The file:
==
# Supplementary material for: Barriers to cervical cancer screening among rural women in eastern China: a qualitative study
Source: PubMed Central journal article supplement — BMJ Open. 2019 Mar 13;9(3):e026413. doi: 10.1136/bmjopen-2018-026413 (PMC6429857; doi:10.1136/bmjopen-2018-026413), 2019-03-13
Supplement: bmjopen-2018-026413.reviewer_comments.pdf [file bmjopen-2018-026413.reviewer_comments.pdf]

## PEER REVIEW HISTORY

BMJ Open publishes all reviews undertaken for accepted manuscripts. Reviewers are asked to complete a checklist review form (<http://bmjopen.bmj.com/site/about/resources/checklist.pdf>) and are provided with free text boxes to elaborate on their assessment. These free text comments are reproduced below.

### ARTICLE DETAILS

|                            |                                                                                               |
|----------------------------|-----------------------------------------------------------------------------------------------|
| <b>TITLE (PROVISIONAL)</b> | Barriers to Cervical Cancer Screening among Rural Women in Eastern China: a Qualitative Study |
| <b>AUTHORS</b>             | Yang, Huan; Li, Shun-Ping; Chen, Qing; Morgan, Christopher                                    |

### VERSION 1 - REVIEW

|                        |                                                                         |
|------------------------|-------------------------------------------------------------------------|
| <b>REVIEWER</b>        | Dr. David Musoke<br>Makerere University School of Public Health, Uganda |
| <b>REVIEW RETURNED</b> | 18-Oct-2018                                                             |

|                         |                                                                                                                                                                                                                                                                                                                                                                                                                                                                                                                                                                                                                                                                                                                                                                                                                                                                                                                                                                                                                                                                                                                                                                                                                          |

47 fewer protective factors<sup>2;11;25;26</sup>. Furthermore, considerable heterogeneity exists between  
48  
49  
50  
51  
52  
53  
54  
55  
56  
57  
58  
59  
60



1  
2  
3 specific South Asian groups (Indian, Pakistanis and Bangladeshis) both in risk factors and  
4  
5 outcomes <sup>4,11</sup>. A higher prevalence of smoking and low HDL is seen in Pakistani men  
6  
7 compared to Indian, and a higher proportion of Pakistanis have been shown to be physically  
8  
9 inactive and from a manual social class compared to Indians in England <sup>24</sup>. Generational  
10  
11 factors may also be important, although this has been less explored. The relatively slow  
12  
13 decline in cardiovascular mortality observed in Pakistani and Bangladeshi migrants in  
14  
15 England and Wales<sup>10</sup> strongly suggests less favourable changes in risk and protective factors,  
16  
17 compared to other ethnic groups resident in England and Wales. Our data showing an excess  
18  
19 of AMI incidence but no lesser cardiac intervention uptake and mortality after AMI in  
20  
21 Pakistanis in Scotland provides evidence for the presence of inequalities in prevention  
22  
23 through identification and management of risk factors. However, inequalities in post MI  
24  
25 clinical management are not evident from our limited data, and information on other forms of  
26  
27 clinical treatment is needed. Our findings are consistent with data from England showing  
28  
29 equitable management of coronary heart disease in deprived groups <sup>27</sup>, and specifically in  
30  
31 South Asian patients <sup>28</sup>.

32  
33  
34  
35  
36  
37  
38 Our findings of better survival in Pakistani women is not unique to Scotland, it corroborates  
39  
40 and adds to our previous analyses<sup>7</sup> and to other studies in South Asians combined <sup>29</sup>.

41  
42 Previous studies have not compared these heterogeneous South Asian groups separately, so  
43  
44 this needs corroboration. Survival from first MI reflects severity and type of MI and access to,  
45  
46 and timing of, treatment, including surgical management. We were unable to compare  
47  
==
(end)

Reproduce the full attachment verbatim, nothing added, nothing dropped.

# Supplementary material for: Barriers to cervical cancer screening among rural women in eastern China: a qualitative study
Source: PubMed Central journal article supplement — BMJ Open. 2019 Mar 13;9(3):e026413. doi: 10.1136/bmjopen-2018-026413 (PMC6429857; doi:10.1136/bmjopen-2018-026413), 2019-03-13
Supplement: bmjopen-2018-026413.reviewer_comments.pdf [file bmjopen-2018-026413.reviewer_comments.pdf]

## PEER REVIEW HISTORY

BMJ Open publishes all reviews undertaken for accepted manuscripts. Reviewers are asked to complete a checklist review form (<http://bmjopen.bmj.com/site/about/resources/checklist.pdf>) and are provided with free text boxes to elaborate on their assessment. These free text comments are reproduced below.

### ARTICLE DETAILS

|                            |                                                                                               |
|----------------------------|-----------------------------------------------------------------------------------------------|
| <b>TITLE (PROVISIONAL)</b> | Barriers to Cervical Cancer Screening among Rural Women in Eastern China: a Qualitative Study |
| <b>AUTHORS</b>             | Yang, Huan; Li, Shun-Ping; Chen, Qing; Morgan, Christopher                                    |

### VERSION 1 - REVIEW

|                        |                                                                         |
|------------------------|-------------------------------------------------------------------------|
| <b>REVIEWER</b>        | Dr. David Musoke<br>Makerere University School of Public Health, Uganda |
| <b>REVIEW RETURNED</b> | 18-Oct-2018                                                             |

|                         |                                                                                                                                                                                                                                                                                                                                                                                                                                                                                                                                                                                                                                                                                                                                                                                                                                                                                                                                                                                                                                                                                                                                                                                                                          |

47 fewer protective factors<sup>2;11;25;26</sup>. Furthermore, considerable heterogeneity exists between  
48  
49  
50  
51  
52  
53  
54  
55  
56  
57  
58  
59  
60



1  
2  
3 specific South Asian groups (Indian, Pakistanis and Bangladeshis) both in risk factors and  
4  
5 outcomes <sup>4,11</sup>. A higher prevalence of smoking and low HDL is seen in Pakistani men  
6  
7 compared to Indian, and a higher proportion of Pakistanis have been shown to be physically  
8  
9 inactive and from a manual social class compared to Indians in England <sup>24</sup>. Generational  
10  
11 factors may also be important, although this has been less explored. The relatively slow  
12  
13 decline in cardiovascular mortality observed in Pakistani and Bangladeshi migrants in  
14  
15 England and Wales<sup>10</sup> strongly suggests less favourable changes in risk and protective factors,  
16  
17 compared to other ethnic groups resident in England and Wales. Our data showing an excess  
18  
19 of AMI incidence but no lesser cardiac intervention uptake and mortality after AMI in  
20  
21 Pakistanis in Scotland provides evidence for the presence of inequalities in prevention  
22  
23 through identification and management of risk factors. However, inequalities in post MI  
24  
25 clinical management are not evident from our limited data, and information on other forms of  
26  
27 clinical treatment is needed. Our findings are consistent with data from England showing  
28  
29 equitable management of coronary heart disease in deprived groups <sup>27</sup>, and specifically in  
30  
31 South Asian patients <sup>28</sup>.

32  
33  
34  
35  
36  
37  
38 Our findings of better survival in Pakistani women is not unique to Scotland, it corroborates  
39  
40 and adds to our previous analyses<sup>7</sup> and to other studies in South Asians combined <sup>29</sup>.

41  
42 Previous studies have not compared these heterogeneous South Asian groups separately, so  
43  
44 this needs corroboration. Survival from first MI reflects severity and type of MI and access to,  
45  
46 and timing of, treatment, including surgical management. We were unable to compare  
47  